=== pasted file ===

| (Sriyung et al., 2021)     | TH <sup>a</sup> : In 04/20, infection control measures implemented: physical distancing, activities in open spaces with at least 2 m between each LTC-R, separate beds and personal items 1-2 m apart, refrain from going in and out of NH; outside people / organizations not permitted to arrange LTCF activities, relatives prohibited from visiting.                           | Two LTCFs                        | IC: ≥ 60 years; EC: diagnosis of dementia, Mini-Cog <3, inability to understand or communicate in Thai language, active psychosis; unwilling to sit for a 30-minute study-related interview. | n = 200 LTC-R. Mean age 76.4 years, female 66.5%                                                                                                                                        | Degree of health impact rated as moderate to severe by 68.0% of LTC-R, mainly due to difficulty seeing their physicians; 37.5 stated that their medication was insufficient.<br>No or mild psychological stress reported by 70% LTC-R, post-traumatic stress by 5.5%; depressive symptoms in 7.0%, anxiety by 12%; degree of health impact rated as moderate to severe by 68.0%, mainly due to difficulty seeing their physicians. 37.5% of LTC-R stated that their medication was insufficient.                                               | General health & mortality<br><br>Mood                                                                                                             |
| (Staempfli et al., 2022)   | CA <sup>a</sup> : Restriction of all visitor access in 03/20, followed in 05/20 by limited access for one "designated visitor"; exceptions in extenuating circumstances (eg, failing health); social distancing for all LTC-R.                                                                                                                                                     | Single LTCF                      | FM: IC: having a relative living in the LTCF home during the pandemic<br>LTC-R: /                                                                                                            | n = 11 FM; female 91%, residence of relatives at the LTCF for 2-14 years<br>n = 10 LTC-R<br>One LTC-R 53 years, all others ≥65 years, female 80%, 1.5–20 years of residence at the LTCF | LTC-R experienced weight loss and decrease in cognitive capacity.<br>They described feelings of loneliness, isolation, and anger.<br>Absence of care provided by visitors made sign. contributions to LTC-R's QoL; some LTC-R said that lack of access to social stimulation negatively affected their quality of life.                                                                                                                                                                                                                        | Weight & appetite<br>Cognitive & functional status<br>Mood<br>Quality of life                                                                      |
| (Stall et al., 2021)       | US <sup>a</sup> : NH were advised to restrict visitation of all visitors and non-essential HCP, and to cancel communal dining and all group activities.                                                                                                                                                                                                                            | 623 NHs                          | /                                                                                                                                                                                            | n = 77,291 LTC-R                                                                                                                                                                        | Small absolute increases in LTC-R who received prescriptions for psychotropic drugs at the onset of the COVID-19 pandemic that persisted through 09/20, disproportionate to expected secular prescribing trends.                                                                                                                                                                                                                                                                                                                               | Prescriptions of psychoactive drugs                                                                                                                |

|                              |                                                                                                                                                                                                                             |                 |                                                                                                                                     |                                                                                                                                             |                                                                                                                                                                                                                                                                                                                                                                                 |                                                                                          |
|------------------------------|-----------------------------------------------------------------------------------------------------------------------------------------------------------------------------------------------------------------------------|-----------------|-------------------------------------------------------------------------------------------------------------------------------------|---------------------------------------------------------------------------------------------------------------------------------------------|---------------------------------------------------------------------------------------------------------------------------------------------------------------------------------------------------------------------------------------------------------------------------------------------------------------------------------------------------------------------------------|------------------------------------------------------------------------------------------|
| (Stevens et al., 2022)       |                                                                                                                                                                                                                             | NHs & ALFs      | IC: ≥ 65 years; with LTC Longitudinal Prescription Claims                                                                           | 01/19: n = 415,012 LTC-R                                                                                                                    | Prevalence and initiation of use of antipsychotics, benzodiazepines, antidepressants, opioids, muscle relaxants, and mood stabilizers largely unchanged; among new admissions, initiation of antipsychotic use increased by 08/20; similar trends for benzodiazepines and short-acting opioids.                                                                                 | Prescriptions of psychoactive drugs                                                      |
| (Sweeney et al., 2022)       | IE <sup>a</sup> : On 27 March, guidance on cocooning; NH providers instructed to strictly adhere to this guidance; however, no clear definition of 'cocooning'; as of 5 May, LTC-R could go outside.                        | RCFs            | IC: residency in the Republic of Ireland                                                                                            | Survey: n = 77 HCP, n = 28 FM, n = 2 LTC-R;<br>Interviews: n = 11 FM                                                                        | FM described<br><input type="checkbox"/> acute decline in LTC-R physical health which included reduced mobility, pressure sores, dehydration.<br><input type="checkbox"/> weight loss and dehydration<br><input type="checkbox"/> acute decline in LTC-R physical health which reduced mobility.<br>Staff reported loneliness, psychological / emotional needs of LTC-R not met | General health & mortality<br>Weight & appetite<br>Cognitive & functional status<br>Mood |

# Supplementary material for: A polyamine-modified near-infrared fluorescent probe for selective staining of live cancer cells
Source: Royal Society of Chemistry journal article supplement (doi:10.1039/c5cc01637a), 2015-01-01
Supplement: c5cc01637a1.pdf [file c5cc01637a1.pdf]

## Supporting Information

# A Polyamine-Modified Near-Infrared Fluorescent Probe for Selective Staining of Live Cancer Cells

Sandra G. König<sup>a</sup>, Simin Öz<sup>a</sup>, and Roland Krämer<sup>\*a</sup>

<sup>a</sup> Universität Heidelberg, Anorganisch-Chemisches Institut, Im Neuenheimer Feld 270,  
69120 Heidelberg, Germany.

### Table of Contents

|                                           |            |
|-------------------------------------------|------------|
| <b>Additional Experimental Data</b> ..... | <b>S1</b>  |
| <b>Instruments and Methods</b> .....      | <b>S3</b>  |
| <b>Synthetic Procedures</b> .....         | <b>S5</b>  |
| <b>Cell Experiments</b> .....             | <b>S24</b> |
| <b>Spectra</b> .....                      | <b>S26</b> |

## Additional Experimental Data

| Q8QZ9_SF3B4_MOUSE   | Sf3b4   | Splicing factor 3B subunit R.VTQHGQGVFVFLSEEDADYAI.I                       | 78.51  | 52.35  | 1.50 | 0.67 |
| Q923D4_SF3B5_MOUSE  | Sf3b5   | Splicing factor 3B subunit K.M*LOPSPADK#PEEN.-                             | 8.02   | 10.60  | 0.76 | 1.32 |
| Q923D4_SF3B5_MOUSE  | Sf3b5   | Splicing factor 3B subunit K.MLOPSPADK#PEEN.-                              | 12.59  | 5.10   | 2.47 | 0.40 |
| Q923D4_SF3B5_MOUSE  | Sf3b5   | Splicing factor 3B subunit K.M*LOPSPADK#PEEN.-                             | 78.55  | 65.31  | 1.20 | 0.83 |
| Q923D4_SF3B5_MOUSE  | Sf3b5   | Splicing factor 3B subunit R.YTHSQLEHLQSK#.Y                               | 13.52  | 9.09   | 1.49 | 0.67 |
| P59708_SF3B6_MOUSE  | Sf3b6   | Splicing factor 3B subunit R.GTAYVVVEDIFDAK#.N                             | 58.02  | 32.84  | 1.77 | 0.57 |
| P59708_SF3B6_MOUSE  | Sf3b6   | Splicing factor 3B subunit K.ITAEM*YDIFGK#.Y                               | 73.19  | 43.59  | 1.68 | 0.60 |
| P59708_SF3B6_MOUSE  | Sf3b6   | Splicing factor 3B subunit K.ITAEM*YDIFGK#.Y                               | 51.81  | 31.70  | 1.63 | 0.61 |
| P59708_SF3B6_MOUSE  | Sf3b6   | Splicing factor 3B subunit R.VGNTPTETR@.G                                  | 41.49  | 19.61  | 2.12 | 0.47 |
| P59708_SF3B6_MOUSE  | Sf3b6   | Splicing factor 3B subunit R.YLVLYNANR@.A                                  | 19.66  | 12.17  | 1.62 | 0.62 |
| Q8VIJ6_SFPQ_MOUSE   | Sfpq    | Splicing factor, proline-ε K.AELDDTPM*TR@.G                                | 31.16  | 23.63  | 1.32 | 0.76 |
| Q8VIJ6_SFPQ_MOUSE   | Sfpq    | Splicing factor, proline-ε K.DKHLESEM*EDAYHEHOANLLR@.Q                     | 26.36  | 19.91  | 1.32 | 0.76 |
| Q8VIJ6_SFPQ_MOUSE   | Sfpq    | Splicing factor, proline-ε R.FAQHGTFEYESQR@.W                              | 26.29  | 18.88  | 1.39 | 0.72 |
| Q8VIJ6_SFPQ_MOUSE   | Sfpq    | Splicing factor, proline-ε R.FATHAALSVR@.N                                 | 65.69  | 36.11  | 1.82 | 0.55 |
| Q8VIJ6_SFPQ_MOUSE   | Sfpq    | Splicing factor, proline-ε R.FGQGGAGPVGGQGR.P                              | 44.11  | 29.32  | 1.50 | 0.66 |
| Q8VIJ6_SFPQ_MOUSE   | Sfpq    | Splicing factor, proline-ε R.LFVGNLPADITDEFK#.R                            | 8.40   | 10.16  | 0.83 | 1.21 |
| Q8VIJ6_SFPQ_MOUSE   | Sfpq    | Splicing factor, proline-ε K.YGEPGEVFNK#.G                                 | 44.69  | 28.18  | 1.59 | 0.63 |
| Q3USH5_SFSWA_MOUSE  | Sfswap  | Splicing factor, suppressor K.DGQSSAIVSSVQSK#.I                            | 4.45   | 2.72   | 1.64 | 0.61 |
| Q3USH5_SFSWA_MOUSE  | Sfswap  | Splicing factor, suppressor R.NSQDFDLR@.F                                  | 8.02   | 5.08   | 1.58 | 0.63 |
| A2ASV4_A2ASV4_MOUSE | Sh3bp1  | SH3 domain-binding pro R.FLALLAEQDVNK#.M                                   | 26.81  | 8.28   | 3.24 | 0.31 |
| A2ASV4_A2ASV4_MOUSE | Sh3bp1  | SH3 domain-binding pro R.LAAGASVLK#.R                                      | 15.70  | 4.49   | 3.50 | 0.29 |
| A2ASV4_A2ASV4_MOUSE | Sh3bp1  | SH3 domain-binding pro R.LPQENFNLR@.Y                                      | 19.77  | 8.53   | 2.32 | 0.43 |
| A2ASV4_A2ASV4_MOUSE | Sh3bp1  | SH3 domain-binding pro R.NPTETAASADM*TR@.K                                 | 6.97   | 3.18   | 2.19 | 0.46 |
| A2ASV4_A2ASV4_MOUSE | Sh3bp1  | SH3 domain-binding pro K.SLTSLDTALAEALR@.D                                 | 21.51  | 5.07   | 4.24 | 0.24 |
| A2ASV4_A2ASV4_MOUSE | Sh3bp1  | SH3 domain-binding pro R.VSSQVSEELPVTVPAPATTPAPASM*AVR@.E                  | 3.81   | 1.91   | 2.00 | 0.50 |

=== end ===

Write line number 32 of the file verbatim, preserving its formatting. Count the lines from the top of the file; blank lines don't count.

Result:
| P59708_SF3B6_MOUSE  | Sf3b6   | Splicing factor 3B subunit K.ITAEM*YDIFGK#.Y                               | 51.81  | 31.70  | 1.63 | 0.61 |